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Revolutionary Road


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#1 Alex Hall

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Posted 25 January 2009 - 11:45 PM

I just got done watching Revolutionary Road and once again Roger Deakins photography is fantastic. I really enjoyed the film overall. There was only one time that i was taken out of the film and that was when Leonardo DiCaprio is looking out the window at Kate Winslet during dusk, there was a drastic increase in grain that seemed out of place. It might have been the print I saw...

Overall it was a really good film, and a master class in naturalistic light.
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#2 Thom Stitt

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Posted 05 February 2009 - 12:13 AM

I haven't come to these boards in forever for whatever reason (I revisited to read some cinematographers' thoughts on the recent Shane Hurlbut fiasco), hence my total confusion about what my freaking log-in is.

Anyway - I'm really surprised there isn't more discussion about this movie! Just saw this last night. Definitely one of the most terrifying movies I've ever seen. A horror movie for anyone who thinks Suburbia is actually the boogie man.

I was surprised at the restraint shown in the cinematography. Perdition was full of incredibly sophisticated visual storytelling, and I was expecting something similar. But they really pulled it back for this one and observed.

I would have loved to work on this, to be in that house for the lighting and shooting. Aside from the scaffolds and the 12Ks encircling the house, this location shoot sounds exactly like the kind of no-budget indie that I've worked on a thousand times. To get Deakins and Mendes and those actors into that same space gets me excited in funny ways.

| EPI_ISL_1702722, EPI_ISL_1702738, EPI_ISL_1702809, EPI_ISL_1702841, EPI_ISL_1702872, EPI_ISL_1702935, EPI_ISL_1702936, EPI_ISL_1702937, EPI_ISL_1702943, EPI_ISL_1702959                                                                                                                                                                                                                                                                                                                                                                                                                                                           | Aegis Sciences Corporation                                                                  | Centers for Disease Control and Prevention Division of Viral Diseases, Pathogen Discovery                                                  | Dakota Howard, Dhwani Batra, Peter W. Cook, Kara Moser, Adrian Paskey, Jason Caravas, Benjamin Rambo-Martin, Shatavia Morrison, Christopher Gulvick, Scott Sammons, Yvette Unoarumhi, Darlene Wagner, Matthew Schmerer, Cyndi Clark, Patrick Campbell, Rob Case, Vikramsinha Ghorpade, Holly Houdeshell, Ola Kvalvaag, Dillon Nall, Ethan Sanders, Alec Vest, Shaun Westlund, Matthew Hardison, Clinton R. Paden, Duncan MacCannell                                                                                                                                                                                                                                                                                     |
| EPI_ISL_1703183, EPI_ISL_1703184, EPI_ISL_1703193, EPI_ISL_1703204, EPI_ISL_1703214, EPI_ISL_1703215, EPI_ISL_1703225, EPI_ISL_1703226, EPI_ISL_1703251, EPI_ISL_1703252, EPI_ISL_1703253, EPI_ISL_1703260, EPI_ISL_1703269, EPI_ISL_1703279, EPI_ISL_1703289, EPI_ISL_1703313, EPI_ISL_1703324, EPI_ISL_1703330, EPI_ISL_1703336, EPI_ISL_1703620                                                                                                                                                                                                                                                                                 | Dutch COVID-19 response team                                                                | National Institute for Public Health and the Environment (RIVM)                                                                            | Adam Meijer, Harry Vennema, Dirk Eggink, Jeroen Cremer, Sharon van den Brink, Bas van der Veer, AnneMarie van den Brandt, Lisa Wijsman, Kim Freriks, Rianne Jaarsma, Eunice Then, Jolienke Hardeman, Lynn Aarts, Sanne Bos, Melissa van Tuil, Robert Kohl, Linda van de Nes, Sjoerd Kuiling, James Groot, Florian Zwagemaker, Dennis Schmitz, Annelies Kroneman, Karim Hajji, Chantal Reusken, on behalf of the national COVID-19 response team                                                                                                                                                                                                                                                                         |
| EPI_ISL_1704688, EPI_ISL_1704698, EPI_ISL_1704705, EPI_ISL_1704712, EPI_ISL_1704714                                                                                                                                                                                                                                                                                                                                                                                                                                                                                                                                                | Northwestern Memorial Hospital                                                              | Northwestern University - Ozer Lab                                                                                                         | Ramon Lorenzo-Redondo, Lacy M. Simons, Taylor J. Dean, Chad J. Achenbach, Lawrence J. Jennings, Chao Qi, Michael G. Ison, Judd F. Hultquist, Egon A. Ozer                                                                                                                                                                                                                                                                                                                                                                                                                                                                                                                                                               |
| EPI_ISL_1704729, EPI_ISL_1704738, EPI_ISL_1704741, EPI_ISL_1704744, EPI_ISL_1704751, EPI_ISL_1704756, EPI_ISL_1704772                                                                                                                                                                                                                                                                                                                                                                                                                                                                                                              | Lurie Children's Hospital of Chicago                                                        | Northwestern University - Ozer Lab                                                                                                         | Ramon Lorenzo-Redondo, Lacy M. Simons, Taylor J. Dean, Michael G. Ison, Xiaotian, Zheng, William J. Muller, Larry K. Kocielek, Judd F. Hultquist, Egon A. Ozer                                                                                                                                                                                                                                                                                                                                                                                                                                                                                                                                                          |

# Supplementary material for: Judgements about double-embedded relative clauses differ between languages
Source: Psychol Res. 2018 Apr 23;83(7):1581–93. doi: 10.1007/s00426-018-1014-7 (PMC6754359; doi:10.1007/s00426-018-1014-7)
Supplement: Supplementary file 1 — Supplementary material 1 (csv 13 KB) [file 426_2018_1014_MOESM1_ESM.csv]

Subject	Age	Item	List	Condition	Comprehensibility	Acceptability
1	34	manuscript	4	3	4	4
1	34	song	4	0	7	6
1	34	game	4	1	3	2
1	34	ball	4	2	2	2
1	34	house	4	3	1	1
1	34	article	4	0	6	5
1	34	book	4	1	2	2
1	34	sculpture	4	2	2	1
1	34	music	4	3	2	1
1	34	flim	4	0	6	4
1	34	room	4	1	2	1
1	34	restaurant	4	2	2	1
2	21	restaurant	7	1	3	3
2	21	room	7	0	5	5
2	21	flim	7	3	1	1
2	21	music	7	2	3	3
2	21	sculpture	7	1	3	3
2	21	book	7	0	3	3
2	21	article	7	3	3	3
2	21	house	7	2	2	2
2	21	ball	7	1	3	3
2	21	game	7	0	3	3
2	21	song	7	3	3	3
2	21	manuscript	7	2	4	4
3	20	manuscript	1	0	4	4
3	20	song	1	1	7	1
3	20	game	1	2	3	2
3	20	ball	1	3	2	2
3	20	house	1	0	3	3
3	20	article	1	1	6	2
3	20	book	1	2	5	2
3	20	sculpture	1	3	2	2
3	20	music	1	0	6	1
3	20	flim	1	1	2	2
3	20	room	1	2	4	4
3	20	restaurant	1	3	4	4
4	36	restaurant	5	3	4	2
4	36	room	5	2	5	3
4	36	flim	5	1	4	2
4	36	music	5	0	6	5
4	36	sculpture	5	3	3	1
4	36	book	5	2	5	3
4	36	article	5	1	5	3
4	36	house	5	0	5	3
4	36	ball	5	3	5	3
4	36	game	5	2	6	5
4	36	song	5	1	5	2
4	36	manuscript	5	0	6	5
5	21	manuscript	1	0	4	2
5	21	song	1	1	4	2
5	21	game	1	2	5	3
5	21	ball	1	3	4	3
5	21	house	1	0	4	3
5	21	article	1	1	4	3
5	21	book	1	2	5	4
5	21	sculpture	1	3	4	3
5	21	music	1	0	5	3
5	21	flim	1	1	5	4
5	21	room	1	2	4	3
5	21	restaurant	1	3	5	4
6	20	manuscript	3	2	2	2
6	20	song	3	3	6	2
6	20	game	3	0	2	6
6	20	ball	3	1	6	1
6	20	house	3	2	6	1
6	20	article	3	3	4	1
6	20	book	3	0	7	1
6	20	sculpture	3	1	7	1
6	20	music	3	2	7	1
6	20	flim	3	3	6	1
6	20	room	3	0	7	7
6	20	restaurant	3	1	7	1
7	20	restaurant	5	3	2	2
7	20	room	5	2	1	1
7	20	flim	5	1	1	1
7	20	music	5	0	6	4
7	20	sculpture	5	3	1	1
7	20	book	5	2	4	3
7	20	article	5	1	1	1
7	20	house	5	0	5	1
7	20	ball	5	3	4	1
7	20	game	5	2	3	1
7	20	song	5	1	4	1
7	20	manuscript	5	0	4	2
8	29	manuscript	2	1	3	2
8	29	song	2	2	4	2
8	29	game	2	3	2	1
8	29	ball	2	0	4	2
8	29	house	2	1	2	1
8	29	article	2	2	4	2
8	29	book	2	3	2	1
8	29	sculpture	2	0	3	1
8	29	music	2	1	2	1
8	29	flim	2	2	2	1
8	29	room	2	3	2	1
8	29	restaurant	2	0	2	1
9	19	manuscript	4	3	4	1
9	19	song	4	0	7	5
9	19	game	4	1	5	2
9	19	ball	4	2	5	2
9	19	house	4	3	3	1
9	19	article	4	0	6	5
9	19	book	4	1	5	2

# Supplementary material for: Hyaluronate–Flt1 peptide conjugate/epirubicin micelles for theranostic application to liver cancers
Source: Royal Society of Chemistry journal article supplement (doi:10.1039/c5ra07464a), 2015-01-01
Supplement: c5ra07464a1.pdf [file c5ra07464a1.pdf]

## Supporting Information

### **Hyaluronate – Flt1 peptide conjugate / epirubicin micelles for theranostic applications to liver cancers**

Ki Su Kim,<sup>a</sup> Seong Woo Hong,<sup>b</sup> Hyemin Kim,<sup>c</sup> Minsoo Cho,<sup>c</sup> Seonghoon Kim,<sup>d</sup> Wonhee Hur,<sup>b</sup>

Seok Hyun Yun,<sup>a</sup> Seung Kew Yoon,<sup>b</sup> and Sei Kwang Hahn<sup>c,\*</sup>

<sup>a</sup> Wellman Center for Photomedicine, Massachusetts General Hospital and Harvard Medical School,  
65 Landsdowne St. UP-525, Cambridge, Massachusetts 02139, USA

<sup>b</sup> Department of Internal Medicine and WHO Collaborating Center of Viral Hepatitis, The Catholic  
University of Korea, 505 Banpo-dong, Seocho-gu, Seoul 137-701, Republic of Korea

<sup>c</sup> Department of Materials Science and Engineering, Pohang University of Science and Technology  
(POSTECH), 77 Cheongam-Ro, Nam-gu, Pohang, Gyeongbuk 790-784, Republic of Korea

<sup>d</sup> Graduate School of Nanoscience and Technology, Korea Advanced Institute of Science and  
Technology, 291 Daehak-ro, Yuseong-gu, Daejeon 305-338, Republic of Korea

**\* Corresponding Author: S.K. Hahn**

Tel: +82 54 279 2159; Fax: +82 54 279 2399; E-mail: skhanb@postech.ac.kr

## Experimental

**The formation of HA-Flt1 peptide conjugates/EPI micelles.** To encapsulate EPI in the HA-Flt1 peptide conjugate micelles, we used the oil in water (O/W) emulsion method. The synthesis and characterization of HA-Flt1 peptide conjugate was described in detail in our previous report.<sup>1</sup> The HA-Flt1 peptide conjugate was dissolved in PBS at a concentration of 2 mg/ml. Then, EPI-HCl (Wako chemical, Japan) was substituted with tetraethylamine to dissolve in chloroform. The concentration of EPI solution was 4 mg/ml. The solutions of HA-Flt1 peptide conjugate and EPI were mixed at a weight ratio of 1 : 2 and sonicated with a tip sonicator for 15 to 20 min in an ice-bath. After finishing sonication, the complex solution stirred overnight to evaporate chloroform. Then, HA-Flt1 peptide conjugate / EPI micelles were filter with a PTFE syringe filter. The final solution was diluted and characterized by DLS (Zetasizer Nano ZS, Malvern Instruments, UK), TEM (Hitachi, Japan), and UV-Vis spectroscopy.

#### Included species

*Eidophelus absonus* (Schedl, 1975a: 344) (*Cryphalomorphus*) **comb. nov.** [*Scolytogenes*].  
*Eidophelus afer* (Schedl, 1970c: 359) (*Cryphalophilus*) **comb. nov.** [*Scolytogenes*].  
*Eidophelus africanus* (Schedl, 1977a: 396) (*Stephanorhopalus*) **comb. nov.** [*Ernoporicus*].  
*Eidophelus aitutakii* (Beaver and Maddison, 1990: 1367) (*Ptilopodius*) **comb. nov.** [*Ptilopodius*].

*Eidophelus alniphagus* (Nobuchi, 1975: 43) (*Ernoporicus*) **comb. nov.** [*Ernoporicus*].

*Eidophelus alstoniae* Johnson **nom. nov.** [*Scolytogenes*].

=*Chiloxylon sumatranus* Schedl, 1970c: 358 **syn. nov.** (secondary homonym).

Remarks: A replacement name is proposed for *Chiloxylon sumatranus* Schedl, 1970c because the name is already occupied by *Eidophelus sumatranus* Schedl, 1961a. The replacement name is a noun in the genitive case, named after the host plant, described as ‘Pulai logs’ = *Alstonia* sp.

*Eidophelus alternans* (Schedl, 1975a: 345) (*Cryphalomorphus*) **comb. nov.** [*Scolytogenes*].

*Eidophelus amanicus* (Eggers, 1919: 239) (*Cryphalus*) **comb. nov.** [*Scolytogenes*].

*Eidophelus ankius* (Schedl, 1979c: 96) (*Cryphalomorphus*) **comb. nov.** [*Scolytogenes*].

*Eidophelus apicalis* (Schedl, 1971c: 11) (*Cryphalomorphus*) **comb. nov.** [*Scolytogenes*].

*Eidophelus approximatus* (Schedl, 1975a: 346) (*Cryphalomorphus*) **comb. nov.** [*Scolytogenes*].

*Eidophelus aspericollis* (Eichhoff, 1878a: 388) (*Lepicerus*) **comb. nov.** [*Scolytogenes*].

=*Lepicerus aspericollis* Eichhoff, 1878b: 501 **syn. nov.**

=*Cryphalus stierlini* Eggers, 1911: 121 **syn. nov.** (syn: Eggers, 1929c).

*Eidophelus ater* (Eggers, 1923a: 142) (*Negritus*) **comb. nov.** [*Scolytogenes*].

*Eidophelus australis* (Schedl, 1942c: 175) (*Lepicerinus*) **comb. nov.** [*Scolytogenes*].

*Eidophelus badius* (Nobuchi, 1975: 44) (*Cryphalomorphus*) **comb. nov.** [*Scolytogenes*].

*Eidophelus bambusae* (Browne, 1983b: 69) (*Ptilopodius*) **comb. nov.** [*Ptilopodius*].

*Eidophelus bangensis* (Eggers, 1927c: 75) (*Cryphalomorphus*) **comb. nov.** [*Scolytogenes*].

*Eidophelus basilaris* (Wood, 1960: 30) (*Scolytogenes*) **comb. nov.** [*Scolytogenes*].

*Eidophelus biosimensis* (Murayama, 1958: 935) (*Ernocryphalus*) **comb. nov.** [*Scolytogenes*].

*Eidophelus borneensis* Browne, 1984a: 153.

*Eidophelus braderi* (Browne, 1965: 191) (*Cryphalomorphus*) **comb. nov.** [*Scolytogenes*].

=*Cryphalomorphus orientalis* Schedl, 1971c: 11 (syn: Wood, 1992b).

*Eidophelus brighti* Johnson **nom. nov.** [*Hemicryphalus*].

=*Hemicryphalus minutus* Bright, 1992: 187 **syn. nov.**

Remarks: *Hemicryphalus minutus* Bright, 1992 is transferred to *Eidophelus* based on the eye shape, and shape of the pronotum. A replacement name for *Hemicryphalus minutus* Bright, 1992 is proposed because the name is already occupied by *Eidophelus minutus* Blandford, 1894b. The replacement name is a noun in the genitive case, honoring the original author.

The movie is so observational at times it's actually quite hard to handle - I'm pleading for compassion while locked in this house where it's draining out, more and more by the day. Not sure how this could have been handled, but there was such little stylistic flair compared to Perdition - For example, the scene where Leonardo DiCaprio RUNS - it really stood out because it had this flair that seemed to be restrained for most of the film. I thought it was incredible though, the sound was pulled out, the music brought up, and we moved - fast - we were with him, and it was powerful.

A hard movie to watch though. I feel like too much was left out - why don't we get to know the kids? Isn't it crucial to? I haven't read Yates' novel, and I understand that Mendes wanted to emphasize and tell the story of the marriage, the relationship - but he also spends a lot of time on WORK, on DiCaprio's day job. We don't see Winslet much during the daytime, and we don't get to know the kids at ALL. For 90% of the movie, it's easy to forget they're even there. Is this movie an example of the subject being TOO focused?